Our kids cannot read. Our kids are being left behind. The crude and obvious conclusion: our schools suck.
A whopping 82 percent of U.S. public schools could fail to meet federal standards this year under the No Child Left Behind Law. Arne Duncan, holder of one of the most unenviable jobs in government (Education Secretary) had to deliver that dreadful news to Congress this week. President Obama called for “…every child in the country to head back to school in the fall knowing that their education is America’s priority.” He joins a long list of his predecessors in demanding that the system be repaired.
The flowery rhetoric will likely once again be drowned in the cacophony of special-interest politics, and I predict no major reforms will surface as a result of this effort.
Standards vary wildly from state to state. The Department of Education, once a target for eradication by the Reagan administration, currently has a budget larger than the GDP of many countries on this planet combined. Then we come to the most persistent, prevalent problem, the one that no one (in the teachers’ unions) wants to talk about- tenure.
More teachers recently have DIED in the New York City public school system than have been fired. It is practically impossible to lose your job if you are a unionized teacher, and that’s a crime. Principals and administrators are paralyzed, unable to make the staff changes they need to improve the learning experience for the kids in their charge. Many districts appear to operate under a “Last hired, first fired” policy when evaluating budgets and staffing adjustments. I cannot imagine a more insidious personnel policy. The documentary Waiting for Superman exposed the crime of tenure so clearly it made me physically uncomfortable, and very angry.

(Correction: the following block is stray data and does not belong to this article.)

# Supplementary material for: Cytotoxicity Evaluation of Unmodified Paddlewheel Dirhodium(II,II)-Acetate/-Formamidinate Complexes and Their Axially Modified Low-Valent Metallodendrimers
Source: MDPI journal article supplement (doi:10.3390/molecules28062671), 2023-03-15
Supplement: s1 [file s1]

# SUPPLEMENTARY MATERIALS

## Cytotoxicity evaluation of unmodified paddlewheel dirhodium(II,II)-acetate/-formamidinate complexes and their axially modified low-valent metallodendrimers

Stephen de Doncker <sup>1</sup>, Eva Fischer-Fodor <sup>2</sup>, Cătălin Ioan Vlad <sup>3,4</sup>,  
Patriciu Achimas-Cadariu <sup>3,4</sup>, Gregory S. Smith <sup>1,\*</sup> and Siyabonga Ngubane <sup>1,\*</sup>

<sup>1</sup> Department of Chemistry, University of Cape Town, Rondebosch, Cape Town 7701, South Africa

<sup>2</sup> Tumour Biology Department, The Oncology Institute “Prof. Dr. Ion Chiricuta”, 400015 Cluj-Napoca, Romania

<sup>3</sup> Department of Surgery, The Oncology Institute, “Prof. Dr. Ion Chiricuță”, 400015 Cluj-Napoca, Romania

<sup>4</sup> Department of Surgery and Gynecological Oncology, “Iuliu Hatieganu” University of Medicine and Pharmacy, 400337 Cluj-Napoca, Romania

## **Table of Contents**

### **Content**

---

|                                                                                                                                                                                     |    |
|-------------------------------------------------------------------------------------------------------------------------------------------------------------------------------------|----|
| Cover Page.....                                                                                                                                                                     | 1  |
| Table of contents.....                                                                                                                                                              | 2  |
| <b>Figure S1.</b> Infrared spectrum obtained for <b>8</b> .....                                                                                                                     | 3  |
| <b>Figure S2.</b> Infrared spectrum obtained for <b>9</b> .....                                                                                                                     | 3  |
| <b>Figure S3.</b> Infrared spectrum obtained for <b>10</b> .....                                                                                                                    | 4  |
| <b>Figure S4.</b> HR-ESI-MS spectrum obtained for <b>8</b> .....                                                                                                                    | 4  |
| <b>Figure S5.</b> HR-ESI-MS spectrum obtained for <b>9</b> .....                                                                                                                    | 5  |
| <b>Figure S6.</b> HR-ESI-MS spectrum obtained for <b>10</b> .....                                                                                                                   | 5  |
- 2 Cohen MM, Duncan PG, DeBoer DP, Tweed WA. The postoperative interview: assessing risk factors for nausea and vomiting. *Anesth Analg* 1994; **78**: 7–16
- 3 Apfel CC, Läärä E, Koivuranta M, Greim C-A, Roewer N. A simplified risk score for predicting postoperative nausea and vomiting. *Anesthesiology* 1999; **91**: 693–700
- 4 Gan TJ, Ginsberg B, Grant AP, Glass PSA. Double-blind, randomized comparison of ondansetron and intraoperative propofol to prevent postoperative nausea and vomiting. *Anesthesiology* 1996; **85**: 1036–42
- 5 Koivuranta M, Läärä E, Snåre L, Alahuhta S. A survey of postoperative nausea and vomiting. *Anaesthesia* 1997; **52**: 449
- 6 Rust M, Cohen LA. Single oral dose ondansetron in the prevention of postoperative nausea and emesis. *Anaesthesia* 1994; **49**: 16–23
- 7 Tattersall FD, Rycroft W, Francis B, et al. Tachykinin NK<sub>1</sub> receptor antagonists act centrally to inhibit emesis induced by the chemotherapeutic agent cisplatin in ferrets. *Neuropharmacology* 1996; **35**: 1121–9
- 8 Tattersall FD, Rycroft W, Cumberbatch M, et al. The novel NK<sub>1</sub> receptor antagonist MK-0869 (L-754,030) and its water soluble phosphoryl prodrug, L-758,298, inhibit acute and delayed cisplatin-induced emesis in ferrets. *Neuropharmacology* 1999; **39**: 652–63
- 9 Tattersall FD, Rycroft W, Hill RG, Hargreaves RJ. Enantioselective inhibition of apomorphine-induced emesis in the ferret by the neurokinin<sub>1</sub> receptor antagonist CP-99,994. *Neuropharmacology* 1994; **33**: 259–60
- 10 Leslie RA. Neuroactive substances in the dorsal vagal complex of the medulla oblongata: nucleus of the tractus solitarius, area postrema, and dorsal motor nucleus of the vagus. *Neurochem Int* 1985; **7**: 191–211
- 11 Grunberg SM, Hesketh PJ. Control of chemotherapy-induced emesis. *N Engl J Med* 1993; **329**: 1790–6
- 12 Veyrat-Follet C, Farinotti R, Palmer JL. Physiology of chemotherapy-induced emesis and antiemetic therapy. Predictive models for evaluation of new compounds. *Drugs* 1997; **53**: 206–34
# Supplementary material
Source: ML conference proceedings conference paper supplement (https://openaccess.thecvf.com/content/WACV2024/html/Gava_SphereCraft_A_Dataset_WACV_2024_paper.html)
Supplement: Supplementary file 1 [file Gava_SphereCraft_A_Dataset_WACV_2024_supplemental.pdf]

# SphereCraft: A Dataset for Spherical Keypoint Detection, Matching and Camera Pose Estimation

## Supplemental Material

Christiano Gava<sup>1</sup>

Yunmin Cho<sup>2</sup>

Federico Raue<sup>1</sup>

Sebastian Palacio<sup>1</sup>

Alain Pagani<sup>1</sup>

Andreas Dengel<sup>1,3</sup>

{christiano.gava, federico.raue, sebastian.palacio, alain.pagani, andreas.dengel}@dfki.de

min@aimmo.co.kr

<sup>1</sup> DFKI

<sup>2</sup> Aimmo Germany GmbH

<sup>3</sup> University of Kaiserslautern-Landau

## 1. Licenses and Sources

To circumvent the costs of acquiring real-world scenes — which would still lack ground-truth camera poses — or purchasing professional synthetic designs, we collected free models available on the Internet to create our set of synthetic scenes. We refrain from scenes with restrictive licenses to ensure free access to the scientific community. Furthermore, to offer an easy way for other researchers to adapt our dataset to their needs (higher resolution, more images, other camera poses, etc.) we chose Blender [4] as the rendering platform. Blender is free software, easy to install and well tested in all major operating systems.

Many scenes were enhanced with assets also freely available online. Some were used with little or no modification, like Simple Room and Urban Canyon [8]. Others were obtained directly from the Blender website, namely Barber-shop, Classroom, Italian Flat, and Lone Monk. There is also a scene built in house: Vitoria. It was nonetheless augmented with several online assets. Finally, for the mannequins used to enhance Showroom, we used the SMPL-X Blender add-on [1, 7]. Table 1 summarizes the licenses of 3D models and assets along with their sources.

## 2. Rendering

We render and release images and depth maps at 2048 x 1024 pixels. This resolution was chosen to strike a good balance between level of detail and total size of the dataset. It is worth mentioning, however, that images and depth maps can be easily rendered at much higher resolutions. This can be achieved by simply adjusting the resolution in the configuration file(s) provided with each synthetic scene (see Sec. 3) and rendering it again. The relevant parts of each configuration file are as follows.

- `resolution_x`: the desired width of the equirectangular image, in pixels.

Randi Weingarten, president of the powerful union American Federation of Teachers, is no different than your stereotypical Teamster boss in a Hollywood movie. She’s a gangster, a guardian of political power and influence, not an ally of American education. I do not wish to see her wear cement shoes- I just want her unemployed. She and her cronies over at the NEA (National Education Association) are politicians, not advocates. Whatever noble missions these organizations were founded under have long given way to political influence and money (for themselves and their Democratic politician friends), propping up the membership by defending their jobs, literally to (their) death. Exemplary teachers support these empty suits at their peril. I am a card-carrying member of two unions, by the way. I’m not an anti-union man. I’m anti-criminal.